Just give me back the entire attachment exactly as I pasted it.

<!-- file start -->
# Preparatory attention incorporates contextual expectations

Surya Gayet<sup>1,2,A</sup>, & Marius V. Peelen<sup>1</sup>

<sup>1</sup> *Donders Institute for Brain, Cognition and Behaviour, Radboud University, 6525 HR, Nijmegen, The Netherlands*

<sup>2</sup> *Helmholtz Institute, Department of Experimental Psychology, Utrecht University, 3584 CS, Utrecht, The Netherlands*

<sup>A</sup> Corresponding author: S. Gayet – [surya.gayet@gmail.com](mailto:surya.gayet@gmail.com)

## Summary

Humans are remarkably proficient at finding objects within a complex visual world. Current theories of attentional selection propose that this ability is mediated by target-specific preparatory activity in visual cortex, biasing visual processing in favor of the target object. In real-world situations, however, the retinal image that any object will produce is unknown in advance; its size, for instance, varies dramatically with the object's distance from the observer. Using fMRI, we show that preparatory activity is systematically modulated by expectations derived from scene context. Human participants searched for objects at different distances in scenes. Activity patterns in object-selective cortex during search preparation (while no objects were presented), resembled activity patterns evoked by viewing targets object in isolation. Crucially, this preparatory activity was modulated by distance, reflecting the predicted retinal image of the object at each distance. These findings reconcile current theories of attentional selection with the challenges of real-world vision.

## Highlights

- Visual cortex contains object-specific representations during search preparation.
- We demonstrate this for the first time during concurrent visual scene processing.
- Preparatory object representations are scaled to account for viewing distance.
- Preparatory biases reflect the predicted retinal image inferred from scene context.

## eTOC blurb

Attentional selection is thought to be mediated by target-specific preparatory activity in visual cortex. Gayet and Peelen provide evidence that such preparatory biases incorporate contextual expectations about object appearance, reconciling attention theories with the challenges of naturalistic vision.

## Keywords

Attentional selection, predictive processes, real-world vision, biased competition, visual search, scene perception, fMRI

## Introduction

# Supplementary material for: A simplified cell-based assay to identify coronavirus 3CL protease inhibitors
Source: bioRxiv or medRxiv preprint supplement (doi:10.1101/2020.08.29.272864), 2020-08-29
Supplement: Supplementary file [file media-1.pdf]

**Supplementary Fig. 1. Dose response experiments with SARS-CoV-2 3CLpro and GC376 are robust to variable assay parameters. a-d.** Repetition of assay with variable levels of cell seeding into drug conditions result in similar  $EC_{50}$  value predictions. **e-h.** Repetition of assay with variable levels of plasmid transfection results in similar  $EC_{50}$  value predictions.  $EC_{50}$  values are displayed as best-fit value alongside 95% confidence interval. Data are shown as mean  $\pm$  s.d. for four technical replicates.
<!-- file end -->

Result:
# Preparatory attention incorporates contextual expectations

Surya Gayet<sup>1,2,A</sup>, & Marius V. Peelen<sup>1</sup>

<sup>1</sup> *Donders Institute for Brain, Cognition and Behaviour, Radboud University, 6525 HR, Nijmegen, The Netherlands*

<sup>2</sup> *Helmholtz Institute, Department of Experimental Psychology, Utrecht University, 3584 CS, Utrecht, The Netherlands*

<sup>A</sup> Corresponding author: S. Gayet – [surya.gayet@gmail.com](mailto:surya.gayet@gmail.com)

## Summary

Humans are remarkably proficient at finding objects within a complex visual world. Current theories of attentional selection propose that this ability is mediated by target-specific preparatory activity in visual cortex, biasing visual processing in favor of the target object. In real-world situations, however, the retinal image that any object will produce is unknown in advance; its size, for instance, varies dramatically with the object's distance from the observer. Using fMRI, we show that preparatory activity is systematically modulated by expectations derived from scene context. Human participants searched for objects at different distances in scenes. Activity patterns in object-selective cortex during search preparation (while no objects were presented), resembled activity patterns evoked by viewing targets object in isolation. Crucially, this preparatory activity was modulated by distance, reflecting the predicted retinal image of the object at each distance. These findings reconcile current theories of attentional selection with the challenges of real-world vision.

## Highlights

- Visual cortex contains object-specific representations during search preparation.
- We demonstrate this for the first time during concurrent visual scene processing.
- Preparatory object representations are scaled to account for viewing distance.
- Preparatory biases reflect the predicted retinal image inferred from scene context.

## eTOC blurb

Attentional selection is thought to be mediated by target-specific preparatory activity in visual cortex. Gayet and Peelen provide evidence that such preparatory biases incorporate contextual expectations about object appearance, reconciling attention theories with the challenges of naturalistic vision.

## Keywords

Attentional selection, predictive processes, real-world vision, biased competition, visual search, scene perception, fMRI

## Introduction

# Supplementary material for: A simplified cell-based assay to identify coronavirus 3CL protease inhibitors
Source: bioRxiv or medRxiv preprint supplement (doi:10.1101/2020.08.29.272864), 2020-08-29
Supplement: Supplementary file [file media-1.pdf]

**Supplementary Fig. 1. Dose response experiments with SARS-CoV-2 3CLpro and GC376 are robust to variable assay parameters. a-d.** Repetition of assay with variable levels of cell seeding into drug conditions result in similar  $EC_{50}$  value predictions. **e-h.** Repetition of assay with variable levels of plasmid transfection results in similar  $EC_{50}$  value predictions.  $EC_{50}$  values are displayed as best-fit value alongside 95% confidence interval. Data are shown as mean  $\pm$  s.d. for four technical replicates.